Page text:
Takeuchi Seihō (竹内 栖鳳 – his real name was Takeuchi Tsunekichi) lived from December 20, 1864 – August 23, 1942. He was an early master of nihonga art, and prior to World War II led a notable circle of painters in Kyoto. His former residence in Higashiyama still stands as The Sodoh – now a restaurant and event space.
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Ian Ropke writes,
During Takeuchi’s early youth his father said to him, “You are the only boy in the family. So you must succeed me in my business.” The boy replied, “Yes, father. But I would really like to be a painter.” An age-old dilemma in traditional societies, children had very little choice in deciding their career, even if they dreamed passionately of doing something very different. However, Takeuchi was fortunate enough to have an older sister who loved him dearly and who was willing to take his place in the family business. Lucky for the boy, his father agreed. Immediately, Takeuchi started to study Japanese painting earnestly. Only 13 years old at the time, he set out to learn what he could from an established artist in his neighborhood. At the age of 17, he became a disciple of Kōno Bairei, a leading Japanese-style painter of the late Edo period.
On Takeuchi’s first day, Bairei gave him model paintings of a pine, bamboo and plum. However, 3 days later Bairei stopped asking him to paint from the models and gave the boy a new first name, Seihō, saying, “Paint the way you feel.” The name Seihō means “phoenix”, an exceptional name for a young, new pupil. But already in the first days, Bairei had seen promising talent in the boy. Takeuchi’s painting skills improved rapidly under Bairei’s direction as the boy concentrated on sketching and studying traditional paintings.
In 1900, when he was only 36 years old and already a leading person in Kyoto painting circles, one of his paintings was selected for display in the modern art section of the Japanese Pavilion at the International Exposition in Paris. This exhibit allowed him to make the long journey to Europe, where he came into direct contact with the European painting tradition. In a chance visit to the zoo in Antwerp in Belgium, he discovered a lion that he just had to sketch. He remained in Antwerp for an extra 3 weeks just to sketch the lion to satisfaction. Profoundly affected by his experiences in Europe, Takeuchi returned to Japan to become a leader of the modern movement in Japanese-style paintings, producing powerful, large-scale pieces year after year. His painting “Lion,” the result of his intense sketching at the zoo, was put on display at a major Japanese exhibition the year after he returned from Europe and won the Gold Prize.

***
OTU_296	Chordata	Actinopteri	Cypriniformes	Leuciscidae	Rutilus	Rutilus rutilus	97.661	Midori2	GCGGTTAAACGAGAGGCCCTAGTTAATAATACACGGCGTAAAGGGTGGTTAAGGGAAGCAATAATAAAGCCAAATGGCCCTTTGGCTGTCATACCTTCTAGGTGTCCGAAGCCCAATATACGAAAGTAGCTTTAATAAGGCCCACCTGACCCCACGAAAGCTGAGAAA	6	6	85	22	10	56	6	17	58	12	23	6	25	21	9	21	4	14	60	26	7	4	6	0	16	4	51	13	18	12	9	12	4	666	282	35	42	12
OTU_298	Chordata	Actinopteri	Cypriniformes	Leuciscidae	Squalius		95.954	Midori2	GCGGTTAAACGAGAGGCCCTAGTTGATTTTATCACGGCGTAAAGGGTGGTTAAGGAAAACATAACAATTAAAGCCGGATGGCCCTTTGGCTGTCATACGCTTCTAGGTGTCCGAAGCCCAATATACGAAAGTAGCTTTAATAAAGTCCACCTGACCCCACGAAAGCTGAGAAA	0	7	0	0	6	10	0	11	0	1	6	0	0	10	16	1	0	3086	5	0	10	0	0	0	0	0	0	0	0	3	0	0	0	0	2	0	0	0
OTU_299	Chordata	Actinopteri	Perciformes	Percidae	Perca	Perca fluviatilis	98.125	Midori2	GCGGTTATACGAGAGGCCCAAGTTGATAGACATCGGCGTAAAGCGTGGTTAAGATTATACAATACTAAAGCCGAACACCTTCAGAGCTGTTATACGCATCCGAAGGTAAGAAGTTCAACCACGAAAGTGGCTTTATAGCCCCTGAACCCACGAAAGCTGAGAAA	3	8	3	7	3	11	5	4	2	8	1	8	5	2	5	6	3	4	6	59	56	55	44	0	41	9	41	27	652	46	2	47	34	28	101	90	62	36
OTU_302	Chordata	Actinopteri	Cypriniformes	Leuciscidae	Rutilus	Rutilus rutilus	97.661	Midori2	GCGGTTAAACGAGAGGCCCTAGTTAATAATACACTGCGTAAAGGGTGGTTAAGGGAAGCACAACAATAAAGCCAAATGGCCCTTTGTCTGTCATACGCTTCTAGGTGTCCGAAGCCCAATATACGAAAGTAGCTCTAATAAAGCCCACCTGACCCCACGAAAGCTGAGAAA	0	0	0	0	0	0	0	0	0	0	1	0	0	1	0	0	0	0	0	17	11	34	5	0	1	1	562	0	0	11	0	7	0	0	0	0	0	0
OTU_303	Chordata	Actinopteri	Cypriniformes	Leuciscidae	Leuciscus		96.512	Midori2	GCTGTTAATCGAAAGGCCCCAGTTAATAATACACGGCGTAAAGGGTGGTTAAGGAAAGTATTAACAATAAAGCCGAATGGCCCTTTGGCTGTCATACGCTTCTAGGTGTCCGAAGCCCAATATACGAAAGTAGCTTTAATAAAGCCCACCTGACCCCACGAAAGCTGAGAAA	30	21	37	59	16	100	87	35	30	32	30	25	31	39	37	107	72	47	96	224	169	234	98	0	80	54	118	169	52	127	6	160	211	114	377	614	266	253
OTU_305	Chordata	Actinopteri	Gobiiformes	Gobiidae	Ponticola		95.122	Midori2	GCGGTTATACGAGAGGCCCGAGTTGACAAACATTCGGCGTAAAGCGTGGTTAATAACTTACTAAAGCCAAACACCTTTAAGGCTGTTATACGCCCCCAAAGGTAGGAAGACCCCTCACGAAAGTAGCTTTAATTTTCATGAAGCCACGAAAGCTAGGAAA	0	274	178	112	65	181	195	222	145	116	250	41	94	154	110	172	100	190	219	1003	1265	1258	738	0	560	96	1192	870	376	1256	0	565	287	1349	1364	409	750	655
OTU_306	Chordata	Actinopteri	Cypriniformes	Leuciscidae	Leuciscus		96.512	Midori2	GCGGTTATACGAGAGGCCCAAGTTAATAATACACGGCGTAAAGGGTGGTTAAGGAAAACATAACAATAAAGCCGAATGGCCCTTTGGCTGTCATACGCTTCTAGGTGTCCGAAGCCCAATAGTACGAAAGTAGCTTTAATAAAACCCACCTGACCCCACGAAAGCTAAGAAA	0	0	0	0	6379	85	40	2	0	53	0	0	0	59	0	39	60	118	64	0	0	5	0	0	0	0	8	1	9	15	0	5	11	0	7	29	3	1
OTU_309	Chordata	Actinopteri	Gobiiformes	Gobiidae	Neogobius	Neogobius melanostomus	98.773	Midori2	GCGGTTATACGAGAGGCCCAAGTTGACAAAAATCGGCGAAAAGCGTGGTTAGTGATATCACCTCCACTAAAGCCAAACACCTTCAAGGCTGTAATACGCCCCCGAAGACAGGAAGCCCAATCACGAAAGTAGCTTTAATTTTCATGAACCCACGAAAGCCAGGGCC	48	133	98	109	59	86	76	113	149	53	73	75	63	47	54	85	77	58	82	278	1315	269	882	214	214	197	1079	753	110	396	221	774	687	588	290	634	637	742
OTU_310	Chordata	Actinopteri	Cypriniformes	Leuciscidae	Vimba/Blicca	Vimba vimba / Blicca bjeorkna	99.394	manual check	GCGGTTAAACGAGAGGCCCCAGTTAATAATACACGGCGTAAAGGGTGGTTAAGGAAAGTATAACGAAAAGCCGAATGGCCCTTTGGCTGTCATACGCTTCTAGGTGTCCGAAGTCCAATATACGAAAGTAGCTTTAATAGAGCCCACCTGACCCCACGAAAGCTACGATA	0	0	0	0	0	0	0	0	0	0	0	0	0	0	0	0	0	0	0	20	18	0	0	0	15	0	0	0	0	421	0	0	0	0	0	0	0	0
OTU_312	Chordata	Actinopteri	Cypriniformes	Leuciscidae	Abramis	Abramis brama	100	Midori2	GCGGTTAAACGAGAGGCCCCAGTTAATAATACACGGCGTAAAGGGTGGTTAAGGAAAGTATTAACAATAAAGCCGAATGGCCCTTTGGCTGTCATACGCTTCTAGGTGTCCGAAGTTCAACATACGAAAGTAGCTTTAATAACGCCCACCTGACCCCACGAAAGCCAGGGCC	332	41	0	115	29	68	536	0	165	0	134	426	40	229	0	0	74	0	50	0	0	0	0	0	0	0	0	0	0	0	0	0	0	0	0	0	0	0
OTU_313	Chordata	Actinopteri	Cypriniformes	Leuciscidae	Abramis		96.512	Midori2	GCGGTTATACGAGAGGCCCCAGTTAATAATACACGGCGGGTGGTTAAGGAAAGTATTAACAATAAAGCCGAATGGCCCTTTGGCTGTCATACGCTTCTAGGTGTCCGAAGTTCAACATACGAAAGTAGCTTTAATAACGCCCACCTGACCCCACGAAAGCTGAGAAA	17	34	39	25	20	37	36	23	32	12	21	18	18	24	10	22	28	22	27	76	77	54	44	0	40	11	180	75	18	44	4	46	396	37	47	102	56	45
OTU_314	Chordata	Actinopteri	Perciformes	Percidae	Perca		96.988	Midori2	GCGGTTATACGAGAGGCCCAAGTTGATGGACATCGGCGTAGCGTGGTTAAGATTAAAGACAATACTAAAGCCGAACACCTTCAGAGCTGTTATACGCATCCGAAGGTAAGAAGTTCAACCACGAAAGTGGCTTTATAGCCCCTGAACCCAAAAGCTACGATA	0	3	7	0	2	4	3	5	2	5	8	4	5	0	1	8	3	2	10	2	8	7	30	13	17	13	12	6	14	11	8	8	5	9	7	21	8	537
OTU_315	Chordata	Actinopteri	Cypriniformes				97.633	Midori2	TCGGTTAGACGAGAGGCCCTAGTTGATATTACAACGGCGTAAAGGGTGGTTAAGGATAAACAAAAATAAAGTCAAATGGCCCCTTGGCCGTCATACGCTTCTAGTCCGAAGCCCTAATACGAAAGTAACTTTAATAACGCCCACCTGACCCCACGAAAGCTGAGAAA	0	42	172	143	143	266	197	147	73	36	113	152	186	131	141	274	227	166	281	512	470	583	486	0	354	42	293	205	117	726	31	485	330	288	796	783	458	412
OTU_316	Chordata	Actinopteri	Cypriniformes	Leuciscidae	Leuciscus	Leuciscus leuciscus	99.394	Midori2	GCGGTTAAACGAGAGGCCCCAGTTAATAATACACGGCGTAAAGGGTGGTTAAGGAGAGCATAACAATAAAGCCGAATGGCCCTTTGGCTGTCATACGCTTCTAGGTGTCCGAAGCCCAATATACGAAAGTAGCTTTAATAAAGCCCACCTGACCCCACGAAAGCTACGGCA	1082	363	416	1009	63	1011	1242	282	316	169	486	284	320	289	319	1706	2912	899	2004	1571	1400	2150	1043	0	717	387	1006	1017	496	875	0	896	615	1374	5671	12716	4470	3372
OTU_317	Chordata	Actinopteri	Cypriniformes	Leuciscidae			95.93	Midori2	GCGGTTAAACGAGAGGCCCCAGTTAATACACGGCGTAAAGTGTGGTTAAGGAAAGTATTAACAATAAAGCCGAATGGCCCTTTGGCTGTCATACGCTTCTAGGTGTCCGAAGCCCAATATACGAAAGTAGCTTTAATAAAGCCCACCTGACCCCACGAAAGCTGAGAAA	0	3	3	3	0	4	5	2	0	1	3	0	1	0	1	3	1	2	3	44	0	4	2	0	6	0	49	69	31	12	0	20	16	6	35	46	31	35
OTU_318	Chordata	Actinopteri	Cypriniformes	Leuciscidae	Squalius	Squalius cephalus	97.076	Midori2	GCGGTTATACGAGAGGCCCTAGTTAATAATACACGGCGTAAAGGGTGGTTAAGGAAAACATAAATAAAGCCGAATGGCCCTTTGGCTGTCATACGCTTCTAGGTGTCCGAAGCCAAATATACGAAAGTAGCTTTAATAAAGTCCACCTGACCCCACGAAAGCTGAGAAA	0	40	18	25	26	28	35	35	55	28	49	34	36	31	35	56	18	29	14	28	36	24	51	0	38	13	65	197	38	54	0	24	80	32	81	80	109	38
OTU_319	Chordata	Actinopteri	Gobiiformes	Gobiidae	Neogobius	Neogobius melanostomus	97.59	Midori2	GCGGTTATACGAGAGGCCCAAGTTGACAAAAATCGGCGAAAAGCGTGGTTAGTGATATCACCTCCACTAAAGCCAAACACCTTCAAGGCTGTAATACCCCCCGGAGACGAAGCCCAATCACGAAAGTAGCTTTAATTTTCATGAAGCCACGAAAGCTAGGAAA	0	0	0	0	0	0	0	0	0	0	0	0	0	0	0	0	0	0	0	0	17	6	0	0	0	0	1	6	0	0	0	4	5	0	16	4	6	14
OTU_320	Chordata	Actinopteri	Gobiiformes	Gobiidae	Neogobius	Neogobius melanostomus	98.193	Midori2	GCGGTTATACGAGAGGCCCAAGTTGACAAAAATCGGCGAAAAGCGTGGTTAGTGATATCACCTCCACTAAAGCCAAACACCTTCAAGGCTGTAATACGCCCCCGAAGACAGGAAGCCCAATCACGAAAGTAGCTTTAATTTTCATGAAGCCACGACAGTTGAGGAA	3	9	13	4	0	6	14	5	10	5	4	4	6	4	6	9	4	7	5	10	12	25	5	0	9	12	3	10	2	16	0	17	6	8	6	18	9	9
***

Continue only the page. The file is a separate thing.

While Takeuchi is largely known for his introduction of Western painting styles to Japan, he also inquired deeply into the fundamental elements of Japanese paintings. During the middle of the Taisho period (1912 – 1926), Takeuchi began to shift from large-scale paintings to smaller works which revealed his increasingly keen artistic sensitivity and maturity. In this new style, his paintings, which were quickly executed, impart an energy similar to the poetic compositions seen in haiku. His masterpiece, at the age of 45 — Oh, Rain — is a truly poetic work.
Seihō’s long career came to an end in 1942, but even today his brilliant paintings continue to attract and fascinate people. Many great Japanese painters studied under Takeuchi, such as Tsuchida Bakusen, Uemura Shōen. For his unique achievements, Takeuchi was awarded Japan’s first Order of Cultural Merit, in 1937.
Text by Ian Ropke. Ian Ropke is the author of the Historical Dictionary of Osaka and Kyoto, and director of Your Japan Private Tours. You can read his previous articles for Deep Kyoto here.
Seihô is easily one of my favorite modern artists. Thanks for this great post about him!